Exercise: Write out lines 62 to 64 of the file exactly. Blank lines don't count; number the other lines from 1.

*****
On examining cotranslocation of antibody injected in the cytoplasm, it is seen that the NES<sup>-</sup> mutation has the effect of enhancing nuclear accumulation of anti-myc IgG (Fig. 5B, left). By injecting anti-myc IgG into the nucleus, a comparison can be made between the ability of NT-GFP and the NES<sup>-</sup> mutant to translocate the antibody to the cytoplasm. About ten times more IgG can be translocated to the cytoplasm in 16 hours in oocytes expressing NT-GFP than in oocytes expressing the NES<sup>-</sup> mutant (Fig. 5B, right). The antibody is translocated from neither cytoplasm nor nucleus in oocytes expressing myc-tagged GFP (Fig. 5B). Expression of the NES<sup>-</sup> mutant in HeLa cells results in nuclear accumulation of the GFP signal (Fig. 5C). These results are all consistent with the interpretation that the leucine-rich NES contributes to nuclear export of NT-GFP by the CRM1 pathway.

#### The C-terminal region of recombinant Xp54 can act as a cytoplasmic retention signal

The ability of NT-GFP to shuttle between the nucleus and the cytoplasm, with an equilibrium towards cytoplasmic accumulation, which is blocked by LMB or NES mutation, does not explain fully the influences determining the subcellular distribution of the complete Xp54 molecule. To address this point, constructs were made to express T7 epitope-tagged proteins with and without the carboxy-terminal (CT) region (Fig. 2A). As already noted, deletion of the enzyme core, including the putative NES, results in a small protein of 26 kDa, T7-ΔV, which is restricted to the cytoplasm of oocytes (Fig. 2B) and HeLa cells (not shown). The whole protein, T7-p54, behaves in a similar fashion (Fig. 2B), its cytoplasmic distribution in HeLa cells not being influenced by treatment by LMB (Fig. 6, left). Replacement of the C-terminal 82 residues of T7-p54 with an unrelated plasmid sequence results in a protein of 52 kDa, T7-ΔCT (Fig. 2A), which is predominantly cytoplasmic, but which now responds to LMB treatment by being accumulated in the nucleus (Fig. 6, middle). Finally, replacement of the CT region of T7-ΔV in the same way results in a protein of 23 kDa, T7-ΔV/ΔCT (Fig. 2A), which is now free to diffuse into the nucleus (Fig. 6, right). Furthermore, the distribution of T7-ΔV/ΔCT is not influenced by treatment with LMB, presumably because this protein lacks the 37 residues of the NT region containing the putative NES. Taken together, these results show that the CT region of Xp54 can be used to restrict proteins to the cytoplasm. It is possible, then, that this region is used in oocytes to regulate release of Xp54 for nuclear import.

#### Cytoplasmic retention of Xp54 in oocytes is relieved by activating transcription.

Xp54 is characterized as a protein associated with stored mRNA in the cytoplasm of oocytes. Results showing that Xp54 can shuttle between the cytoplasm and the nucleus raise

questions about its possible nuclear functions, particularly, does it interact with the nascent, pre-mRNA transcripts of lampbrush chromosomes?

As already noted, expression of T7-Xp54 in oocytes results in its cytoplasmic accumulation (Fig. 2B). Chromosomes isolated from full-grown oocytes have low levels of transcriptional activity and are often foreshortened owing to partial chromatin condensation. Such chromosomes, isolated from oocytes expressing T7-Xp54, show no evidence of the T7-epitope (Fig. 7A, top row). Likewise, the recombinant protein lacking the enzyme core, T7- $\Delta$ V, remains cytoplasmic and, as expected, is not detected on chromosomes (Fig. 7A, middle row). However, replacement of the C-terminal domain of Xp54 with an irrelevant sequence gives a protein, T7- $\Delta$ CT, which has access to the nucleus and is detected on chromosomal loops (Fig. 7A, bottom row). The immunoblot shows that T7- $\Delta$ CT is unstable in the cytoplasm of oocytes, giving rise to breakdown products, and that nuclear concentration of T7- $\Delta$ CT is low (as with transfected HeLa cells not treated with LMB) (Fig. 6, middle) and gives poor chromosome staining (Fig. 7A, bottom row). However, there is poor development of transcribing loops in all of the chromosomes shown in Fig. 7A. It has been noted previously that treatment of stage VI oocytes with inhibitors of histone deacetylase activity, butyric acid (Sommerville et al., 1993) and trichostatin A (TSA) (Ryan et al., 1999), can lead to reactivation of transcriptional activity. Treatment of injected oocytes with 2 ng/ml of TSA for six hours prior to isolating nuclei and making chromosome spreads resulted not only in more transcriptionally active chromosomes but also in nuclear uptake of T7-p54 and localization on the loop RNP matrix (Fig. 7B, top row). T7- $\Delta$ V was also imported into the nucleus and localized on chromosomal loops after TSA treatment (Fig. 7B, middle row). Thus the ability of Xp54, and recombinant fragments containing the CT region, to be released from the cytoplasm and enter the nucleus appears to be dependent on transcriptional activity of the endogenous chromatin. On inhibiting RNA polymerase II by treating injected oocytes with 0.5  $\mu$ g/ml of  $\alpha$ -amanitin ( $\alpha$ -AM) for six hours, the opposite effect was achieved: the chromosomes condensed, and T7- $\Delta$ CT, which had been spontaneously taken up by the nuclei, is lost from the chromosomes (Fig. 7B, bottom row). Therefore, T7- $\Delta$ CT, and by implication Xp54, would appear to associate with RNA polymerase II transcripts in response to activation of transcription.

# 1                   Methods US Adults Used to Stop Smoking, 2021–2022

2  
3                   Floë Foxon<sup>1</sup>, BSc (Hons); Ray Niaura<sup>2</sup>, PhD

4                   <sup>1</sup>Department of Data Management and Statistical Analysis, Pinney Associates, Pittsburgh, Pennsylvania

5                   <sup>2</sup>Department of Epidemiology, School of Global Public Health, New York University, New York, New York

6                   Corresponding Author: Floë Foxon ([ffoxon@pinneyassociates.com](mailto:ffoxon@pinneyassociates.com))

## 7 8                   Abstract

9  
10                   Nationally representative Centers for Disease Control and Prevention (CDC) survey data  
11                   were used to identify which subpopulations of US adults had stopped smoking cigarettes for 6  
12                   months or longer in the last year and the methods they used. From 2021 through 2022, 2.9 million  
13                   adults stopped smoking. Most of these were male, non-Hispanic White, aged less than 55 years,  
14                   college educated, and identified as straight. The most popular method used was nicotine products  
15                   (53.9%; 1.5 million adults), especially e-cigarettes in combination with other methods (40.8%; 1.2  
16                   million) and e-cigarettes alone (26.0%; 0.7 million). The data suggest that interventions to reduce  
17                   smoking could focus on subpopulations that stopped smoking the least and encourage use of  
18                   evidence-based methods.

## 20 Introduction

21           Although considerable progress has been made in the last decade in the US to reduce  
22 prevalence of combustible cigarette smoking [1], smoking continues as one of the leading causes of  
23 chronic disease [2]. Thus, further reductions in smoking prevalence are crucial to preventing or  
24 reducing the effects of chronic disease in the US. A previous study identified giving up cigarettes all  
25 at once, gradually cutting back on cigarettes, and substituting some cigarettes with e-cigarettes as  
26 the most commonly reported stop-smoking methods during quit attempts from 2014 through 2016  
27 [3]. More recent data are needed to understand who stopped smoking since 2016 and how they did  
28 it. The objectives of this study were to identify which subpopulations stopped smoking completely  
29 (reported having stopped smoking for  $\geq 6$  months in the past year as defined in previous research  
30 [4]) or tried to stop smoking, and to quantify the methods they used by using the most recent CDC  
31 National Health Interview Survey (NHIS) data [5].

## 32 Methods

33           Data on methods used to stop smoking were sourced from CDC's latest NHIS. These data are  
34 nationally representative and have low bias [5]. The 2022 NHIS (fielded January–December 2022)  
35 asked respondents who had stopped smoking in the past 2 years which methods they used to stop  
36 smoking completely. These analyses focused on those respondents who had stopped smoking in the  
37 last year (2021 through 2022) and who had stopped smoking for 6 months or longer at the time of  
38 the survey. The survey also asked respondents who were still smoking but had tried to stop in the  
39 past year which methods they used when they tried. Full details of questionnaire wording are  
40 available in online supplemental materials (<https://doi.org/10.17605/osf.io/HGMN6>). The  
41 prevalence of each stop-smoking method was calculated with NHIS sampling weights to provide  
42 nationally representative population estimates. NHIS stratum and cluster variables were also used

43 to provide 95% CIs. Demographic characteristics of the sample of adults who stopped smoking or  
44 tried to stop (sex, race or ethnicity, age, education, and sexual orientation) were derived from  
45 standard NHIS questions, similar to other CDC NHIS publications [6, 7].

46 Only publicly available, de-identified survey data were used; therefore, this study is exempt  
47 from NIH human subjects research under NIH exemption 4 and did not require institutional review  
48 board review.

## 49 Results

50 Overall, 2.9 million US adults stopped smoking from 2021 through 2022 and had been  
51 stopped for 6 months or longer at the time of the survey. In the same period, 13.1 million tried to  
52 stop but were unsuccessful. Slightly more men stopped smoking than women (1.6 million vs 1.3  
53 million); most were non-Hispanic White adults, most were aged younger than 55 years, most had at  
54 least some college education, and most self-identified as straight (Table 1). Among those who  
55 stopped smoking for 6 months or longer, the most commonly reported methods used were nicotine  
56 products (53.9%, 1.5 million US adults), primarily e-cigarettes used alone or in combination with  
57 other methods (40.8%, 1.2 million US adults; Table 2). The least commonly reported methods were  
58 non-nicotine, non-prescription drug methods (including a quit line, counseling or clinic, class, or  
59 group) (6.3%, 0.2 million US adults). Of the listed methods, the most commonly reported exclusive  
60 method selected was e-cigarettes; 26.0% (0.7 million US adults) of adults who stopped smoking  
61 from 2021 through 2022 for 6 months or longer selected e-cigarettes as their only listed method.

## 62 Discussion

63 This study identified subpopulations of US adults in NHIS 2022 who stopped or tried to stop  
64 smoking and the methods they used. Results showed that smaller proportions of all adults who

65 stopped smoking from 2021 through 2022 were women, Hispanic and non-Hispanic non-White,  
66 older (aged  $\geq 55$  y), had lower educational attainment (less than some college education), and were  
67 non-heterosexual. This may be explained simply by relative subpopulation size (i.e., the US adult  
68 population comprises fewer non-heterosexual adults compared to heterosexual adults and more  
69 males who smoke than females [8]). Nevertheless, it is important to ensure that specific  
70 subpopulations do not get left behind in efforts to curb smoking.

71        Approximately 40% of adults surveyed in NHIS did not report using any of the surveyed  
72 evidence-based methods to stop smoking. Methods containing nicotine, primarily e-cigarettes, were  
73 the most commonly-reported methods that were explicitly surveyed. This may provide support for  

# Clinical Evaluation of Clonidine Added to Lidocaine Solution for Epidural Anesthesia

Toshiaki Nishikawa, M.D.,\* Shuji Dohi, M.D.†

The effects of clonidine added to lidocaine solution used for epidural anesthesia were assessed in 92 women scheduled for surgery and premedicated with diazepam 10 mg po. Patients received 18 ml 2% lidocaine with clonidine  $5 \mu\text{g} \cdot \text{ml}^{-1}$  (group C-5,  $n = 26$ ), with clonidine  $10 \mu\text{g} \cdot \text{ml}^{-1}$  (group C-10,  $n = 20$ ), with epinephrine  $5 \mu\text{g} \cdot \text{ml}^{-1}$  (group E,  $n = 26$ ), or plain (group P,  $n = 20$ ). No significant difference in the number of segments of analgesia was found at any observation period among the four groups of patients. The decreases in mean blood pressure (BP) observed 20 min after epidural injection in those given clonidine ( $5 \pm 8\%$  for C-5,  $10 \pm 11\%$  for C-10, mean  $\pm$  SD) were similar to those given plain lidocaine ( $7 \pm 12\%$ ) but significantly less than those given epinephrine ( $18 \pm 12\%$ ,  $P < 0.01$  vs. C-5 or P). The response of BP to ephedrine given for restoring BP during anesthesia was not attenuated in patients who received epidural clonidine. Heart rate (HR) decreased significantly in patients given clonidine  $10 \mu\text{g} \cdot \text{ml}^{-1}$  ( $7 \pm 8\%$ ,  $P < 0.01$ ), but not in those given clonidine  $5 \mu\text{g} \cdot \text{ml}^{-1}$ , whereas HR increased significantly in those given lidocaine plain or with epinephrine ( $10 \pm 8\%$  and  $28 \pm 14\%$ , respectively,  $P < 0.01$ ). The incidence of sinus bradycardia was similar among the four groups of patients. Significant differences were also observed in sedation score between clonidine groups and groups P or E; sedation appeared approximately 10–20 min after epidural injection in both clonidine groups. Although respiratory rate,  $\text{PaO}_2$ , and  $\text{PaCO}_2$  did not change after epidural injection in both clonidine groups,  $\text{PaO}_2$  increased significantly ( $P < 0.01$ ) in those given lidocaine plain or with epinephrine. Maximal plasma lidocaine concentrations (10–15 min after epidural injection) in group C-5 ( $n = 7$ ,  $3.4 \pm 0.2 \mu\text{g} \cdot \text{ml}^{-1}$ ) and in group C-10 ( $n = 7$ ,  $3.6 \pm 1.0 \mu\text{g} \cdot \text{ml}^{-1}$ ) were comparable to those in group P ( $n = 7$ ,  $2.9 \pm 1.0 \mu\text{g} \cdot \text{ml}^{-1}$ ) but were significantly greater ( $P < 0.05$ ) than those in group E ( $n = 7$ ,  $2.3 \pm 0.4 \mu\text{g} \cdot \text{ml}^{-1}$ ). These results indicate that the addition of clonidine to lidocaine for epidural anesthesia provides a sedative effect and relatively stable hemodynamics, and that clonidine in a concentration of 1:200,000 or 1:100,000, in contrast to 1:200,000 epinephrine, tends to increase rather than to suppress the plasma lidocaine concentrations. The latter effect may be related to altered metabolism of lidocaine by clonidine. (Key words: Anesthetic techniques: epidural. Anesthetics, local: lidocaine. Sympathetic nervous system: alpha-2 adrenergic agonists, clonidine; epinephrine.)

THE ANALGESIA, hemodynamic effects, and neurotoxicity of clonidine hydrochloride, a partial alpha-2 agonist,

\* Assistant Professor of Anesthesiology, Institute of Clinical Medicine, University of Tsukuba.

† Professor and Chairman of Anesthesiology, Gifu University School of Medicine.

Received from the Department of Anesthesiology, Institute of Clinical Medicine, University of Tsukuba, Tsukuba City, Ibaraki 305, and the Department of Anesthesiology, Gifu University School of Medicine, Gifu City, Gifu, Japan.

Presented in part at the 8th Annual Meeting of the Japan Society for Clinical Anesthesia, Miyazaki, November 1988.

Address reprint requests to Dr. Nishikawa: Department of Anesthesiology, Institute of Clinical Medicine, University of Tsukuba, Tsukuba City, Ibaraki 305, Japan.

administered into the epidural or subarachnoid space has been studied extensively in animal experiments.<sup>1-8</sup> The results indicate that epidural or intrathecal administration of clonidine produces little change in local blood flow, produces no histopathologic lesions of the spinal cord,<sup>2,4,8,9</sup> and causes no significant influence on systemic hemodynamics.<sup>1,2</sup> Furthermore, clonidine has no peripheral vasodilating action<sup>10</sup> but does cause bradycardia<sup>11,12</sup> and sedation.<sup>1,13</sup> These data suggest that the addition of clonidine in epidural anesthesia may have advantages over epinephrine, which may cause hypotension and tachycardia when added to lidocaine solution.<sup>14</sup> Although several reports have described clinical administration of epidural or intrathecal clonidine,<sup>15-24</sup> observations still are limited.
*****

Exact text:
57 other methods (40.8%, 1.2 million US adults; Table 2). The least commonly reported methods were  
58 non-nicotine, non-prescription drug methods (including a quit line, counseling or clinic, class, or  
59 group) (6.3%, 0.2 million US adults). Of the listed methods, the most commonly reported exclusive  